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Winners keep on winning because they’re more likely to cheat: Study

The journey from a winner to a cheater could be short as Israeli researchers have found that after a competition is over, winners behave more dishonestly than losers in the future.

sex-and-relationships Updated: Feb 06, 2016 12:24 IST

IANS
The journey from a winner to a cheater could be short as Israeli researchers have found that after a competition is over, winners behave more dishonestly than losers in the future.
The journey from a winner to a cheater could be short as Israeli researchers have found that after a competition is over, winners behave more dishonestly than losers in the future.(Shutterstock)
         

Ever hear the phrase “success doesn’t make you who you are, it reveals who you are?” Well, the journey from a winner to a cheater could be short as Israeli researchers have found that after a competition is over, winners behave more dishonestly than losers in the future.

“We already know that some politicians and business executives will often resort to unethical means to win, for example the recent Volkswagen scandal,” said one of the researchers Amos Schurr from Ben-Gurion University of the Negev in Beersheba.

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“Our research was focused on who is more likely to subsequently engage in unrelated unethical behaviours - winners or losers?,” Schurr noted.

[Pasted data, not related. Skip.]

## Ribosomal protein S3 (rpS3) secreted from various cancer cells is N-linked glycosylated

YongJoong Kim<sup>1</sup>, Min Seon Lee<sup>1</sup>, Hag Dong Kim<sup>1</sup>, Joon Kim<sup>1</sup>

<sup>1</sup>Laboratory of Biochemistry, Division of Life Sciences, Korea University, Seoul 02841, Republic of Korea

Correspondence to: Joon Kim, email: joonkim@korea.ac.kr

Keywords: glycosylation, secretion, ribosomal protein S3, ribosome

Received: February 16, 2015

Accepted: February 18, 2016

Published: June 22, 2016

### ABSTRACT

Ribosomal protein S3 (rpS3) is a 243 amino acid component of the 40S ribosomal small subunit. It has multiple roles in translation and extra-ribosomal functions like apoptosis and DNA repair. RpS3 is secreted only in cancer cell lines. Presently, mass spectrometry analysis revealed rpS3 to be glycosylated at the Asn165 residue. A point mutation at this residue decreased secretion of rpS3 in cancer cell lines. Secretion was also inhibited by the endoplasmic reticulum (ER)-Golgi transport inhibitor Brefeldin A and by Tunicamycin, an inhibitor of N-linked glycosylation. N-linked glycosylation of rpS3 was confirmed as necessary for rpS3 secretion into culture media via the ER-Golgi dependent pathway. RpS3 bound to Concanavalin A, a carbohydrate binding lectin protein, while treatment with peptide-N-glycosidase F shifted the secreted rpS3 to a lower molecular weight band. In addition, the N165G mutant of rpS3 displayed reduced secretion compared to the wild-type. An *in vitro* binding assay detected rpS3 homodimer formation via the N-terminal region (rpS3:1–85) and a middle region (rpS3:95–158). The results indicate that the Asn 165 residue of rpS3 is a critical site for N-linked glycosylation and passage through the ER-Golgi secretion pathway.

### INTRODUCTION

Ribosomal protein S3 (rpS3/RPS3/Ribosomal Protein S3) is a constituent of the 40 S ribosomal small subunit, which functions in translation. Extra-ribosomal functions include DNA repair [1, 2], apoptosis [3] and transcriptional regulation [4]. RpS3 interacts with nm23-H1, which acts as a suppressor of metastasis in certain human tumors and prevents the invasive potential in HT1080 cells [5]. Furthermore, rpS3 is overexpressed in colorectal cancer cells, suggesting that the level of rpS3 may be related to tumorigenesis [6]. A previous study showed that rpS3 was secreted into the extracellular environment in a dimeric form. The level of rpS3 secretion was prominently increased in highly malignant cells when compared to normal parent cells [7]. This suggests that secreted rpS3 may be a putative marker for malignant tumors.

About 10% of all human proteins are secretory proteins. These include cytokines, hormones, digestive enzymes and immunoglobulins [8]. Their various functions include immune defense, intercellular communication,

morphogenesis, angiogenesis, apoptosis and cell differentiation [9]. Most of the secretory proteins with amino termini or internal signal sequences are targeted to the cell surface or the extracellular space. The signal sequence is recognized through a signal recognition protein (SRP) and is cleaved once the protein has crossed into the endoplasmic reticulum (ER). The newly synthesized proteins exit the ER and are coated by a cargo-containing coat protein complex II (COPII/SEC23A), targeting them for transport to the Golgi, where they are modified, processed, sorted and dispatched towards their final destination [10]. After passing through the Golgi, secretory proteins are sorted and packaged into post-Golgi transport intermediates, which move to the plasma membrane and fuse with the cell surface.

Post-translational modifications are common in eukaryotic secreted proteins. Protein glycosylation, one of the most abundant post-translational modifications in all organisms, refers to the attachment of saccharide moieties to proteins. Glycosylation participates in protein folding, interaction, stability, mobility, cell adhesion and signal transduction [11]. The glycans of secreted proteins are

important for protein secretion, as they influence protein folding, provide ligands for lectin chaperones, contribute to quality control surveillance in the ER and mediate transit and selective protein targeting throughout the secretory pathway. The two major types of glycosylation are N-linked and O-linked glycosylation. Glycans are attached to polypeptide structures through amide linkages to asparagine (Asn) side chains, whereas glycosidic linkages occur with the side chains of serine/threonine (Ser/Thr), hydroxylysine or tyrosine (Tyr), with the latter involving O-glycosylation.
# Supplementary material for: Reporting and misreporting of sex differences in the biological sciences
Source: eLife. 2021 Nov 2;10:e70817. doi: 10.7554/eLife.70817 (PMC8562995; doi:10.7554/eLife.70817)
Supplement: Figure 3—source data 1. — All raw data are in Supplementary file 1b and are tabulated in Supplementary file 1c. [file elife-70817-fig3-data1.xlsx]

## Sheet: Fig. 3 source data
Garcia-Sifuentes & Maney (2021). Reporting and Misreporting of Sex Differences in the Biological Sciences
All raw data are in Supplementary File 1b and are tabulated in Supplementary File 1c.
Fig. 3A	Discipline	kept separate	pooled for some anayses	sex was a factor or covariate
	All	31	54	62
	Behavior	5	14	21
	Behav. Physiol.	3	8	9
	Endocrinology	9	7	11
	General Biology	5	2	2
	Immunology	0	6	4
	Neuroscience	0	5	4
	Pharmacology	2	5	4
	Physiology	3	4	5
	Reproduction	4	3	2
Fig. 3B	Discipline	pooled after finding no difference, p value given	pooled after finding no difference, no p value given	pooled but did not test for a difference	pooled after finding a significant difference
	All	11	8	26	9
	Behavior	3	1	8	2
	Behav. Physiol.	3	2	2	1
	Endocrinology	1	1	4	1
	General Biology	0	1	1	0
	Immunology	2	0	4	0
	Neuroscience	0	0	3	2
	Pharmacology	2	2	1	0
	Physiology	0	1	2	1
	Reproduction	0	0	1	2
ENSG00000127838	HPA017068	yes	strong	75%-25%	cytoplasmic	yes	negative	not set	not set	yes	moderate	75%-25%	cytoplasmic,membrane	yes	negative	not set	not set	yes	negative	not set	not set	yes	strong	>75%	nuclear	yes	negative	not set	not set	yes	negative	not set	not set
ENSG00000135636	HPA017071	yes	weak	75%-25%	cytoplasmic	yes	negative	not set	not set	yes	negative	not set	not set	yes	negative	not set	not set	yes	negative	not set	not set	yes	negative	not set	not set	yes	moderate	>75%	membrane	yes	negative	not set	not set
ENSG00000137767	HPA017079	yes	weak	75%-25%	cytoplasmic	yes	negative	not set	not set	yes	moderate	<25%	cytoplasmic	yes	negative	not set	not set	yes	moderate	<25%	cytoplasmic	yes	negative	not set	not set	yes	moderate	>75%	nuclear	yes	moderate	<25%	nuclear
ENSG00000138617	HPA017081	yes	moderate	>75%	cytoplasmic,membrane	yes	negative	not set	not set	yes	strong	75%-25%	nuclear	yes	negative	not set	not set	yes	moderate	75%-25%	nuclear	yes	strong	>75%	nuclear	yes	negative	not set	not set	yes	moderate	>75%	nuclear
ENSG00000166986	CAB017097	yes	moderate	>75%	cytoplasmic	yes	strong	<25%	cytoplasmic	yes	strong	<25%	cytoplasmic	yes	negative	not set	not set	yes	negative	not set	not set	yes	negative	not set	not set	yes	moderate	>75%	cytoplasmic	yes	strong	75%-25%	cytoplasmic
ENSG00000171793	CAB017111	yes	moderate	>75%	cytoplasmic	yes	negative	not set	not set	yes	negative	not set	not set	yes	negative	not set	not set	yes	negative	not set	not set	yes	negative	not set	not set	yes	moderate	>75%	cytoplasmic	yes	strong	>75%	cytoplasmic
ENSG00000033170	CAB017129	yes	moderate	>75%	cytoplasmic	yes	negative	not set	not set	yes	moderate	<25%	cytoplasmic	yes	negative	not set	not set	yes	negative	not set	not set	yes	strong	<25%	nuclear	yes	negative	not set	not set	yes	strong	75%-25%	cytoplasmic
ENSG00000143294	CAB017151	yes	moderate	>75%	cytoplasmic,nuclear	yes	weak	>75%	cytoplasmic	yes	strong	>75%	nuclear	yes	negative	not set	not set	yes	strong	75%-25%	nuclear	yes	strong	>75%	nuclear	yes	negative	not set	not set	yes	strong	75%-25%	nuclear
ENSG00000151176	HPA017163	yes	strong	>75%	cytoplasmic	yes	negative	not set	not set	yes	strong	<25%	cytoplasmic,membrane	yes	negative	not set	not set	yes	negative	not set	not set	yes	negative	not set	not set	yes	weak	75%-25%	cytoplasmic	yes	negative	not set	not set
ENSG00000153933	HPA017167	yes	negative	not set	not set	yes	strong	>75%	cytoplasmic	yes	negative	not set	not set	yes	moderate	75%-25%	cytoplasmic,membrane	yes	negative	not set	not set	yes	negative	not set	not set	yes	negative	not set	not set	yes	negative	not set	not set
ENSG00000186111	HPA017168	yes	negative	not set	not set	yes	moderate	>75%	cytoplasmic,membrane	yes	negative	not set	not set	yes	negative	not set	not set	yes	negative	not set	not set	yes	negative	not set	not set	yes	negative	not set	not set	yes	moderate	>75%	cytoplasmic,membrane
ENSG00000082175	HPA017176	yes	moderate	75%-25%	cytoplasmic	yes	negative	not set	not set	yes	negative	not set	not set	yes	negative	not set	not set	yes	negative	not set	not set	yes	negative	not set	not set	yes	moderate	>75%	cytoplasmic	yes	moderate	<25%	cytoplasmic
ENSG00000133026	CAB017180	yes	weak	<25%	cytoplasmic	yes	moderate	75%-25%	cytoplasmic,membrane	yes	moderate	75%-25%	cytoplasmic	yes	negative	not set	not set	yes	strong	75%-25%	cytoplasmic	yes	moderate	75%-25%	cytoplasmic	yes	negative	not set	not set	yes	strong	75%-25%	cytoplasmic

The research group conducted five studies with students in Israel.

The first two studies demonstrated that winning a competition increases the likelihood of winners to steal money from their counterparts in a subsequent unrelated task.

The last study, a post-competition survey, suggested that winners felt a sense of entitlement after besting their opponents in the initial competition, which the researchers said explains why they were more likely to cheat.

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In the study published in the journal Proceedings of the National Academy of Sciences, the researchers also noted that the subsequent unethical behaviour effect seems to depend on winning, rather than on mere success.

“These findings suggest that the way in which people measure success affects their honesty. When success is measured by social comparison, as is the case when winning a competition, dishonesty increases,” Schurr explained

“When success does not involve social comparison, as is the case when meeting a set goal, defined standard or recalling a personal achievement, dishonesty decreases,” Schurr noted.

First Published: Feb 06, 2016 12:22 IST